The Cancer Drugs Fund Panel (CDF) announced its decision to approve Abraxane® (Paclitaxel Albumin), for inclusion on the list of cancer drugs that are made available on the NHS prior to an assessment by the National Institute for Care and Health Excellence (NICE). http://www.england.nhs.uk/wp-content/uploads/2014/03/abraxane_pan-mar14.pdf
Abraxane (in combination with standard gemcitabine) has been found in clinical trials to extend a patients’ life for on average 2 months – with some patients living significantly longer.
For patients with advanced disease the potential to extend their life, even by just two months, represents a substantial advance from the current position. Pancreatic Cancer UK’s Two More Months campaign highlighted the importance of what this extra time would mean to patients and their families.
Ms Alex Ford, Chief Executive of Pancreatic Cancer UK comments: “We are delighted by the Cancer Drugs Fund’s decision to include Abraxane on its list of approved drugs. This will make a real and tangible difference to the lives of patients with pancreatic cancer as well as their families and loved ones.
“However, whilst extremely welcome, the CDF decision is only a stop-gap until NICE makes a more permanent appraisal decision in 2015. Moreover, the CDF only covers England, so patients in Scotland, Wales and Northern Ireland will have to wait for separate funding decisions being made in those countries – time which many patients simply do not have.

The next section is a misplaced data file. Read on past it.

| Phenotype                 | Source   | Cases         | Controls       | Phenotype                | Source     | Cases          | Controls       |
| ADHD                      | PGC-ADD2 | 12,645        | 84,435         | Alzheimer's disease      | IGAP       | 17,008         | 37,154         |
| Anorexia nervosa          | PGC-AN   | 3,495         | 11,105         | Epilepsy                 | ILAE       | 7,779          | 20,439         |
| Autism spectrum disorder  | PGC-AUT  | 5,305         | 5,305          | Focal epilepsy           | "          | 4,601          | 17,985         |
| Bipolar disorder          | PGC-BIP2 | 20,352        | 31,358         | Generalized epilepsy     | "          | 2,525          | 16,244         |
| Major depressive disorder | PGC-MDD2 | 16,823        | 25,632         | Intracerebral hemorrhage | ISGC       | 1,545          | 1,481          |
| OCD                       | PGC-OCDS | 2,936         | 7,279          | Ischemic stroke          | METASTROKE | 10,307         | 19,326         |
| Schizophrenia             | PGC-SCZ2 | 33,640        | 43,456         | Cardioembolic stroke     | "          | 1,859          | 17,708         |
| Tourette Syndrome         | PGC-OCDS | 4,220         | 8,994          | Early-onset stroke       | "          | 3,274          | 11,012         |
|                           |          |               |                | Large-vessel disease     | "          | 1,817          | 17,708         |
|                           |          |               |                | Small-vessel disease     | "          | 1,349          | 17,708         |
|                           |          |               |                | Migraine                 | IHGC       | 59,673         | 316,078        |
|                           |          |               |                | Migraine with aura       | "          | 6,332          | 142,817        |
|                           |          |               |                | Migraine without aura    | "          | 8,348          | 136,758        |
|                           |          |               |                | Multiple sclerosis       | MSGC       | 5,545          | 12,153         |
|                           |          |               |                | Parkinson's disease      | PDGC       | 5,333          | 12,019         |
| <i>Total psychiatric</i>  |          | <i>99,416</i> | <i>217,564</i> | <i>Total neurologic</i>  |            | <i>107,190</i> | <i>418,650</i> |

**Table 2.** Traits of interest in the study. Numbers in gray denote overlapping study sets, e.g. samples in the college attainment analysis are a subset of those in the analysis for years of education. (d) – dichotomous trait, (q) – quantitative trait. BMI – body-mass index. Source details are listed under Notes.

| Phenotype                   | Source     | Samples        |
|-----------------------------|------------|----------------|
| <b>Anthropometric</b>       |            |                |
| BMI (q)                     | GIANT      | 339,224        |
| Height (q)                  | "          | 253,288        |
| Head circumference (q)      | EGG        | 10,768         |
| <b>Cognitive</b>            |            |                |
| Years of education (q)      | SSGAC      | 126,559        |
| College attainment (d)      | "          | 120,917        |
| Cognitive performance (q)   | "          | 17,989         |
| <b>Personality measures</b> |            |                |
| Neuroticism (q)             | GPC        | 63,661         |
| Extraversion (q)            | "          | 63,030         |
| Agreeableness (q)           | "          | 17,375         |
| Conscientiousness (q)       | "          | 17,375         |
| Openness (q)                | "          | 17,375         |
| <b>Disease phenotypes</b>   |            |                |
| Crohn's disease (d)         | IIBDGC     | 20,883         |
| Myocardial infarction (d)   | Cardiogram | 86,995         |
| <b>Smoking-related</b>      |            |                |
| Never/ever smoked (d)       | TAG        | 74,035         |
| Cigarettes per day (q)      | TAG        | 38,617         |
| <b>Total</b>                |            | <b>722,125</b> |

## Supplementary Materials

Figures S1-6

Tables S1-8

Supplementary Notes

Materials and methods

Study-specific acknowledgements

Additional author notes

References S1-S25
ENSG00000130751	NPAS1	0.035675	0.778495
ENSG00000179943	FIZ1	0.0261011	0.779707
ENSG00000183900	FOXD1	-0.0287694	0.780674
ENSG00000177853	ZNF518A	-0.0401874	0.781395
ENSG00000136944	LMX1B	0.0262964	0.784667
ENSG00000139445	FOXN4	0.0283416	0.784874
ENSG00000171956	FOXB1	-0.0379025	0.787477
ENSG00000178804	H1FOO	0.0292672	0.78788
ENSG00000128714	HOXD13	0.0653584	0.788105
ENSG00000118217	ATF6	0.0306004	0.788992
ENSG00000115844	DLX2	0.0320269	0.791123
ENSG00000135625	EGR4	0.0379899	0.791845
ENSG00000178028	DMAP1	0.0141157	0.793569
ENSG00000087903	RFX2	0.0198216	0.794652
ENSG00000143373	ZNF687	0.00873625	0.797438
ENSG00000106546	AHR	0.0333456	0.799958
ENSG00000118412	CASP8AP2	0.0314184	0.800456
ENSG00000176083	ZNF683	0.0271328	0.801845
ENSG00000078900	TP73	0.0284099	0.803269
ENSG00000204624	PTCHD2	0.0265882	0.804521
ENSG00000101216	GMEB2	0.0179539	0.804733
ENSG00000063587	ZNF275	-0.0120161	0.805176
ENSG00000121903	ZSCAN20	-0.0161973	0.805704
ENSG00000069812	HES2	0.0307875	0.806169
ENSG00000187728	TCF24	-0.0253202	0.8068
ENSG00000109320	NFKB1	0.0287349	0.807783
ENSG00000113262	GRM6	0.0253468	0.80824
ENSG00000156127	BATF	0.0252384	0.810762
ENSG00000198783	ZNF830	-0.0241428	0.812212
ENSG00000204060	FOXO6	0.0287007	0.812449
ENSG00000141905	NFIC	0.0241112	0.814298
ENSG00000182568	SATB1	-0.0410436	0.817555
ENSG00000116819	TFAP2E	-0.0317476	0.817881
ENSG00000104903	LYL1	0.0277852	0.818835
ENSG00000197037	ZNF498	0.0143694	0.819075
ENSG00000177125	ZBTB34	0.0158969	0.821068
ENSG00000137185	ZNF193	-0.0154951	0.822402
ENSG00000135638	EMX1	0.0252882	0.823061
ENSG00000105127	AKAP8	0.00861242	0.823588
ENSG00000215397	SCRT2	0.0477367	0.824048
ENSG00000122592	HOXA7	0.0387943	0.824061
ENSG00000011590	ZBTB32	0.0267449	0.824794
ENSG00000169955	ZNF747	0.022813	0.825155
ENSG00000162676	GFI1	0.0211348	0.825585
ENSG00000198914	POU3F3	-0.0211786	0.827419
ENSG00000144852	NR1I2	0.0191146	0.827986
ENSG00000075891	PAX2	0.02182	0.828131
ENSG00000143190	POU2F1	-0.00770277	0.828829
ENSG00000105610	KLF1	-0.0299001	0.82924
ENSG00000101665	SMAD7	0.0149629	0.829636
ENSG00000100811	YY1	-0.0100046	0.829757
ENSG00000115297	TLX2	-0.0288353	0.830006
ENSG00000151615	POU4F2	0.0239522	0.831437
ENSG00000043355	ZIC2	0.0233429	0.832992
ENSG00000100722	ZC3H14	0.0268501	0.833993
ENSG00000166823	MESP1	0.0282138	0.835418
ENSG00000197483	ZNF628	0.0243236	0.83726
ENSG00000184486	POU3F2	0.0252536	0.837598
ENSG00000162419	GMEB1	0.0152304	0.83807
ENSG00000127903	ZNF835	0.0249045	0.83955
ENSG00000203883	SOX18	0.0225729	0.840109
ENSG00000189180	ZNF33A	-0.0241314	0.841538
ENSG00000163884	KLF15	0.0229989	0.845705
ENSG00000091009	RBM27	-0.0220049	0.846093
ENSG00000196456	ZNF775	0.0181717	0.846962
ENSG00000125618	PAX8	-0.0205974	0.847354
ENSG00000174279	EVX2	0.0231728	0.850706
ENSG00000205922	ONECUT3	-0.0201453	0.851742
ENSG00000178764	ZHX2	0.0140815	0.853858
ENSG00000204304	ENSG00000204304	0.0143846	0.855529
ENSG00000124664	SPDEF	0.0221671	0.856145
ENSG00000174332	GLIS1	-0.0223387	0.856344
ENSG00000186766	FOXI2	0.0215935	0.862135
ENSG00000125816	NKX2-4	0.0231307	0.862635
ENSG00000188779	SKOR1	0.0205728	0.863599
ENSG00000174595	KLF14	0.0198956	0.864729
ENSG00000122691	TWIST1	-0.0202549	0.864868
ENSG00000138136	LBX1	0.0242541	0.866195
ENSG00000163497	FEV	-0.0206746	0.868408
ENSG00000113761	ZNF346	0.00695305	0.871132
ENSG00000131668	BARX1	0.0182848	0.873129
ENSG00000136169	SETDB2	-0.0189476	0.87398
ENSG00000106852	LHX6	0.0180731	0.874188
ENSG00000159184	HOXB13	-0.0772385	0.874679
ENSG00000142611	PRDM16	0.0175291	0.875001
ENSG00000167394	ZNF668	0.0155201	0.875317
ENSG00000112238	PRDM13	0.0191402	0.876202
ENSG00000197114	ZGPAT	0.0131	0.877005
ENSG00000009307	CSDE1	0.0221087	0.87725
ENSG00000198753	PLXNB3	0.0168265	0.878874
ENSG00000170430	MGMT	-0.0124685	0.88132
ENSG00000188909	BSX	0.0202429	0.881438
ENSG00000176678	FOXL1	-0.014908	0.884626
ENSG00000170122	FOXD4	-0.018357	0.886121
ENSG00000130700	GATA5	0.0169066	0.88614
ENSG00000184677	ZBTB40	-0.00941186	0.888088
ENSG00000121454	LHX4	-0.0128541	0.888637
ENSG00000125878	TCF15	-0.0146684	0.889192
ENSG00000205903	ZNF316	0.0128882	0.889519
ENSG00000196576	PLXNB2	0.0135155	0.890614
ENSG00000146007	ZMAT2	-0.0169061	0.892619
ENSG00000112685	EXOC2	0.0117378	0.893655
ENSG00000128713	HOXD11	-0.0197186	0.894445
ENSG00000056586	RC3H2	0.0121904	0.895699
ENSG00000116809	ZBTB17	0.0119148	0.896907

“Pancreatic Cancer UK will continue to run its Two More Months campaign – an emotive campaign launched earlier this year, which, as well raising widespread awareness and capturing the attention of the national and regional media, also encouraged many of our supporters to contact and lobby their MPs ahead of this decision. The campaign clearly had a positive effect on the CDF outcome, and we are thankful to all those who got involved. Now, as a charity that prides itself on “being the voice” of our supporters, patients and their families, we will continue to put pressure on key decision makers until all patients across the whole of the UK have access to this extremely important drug.’’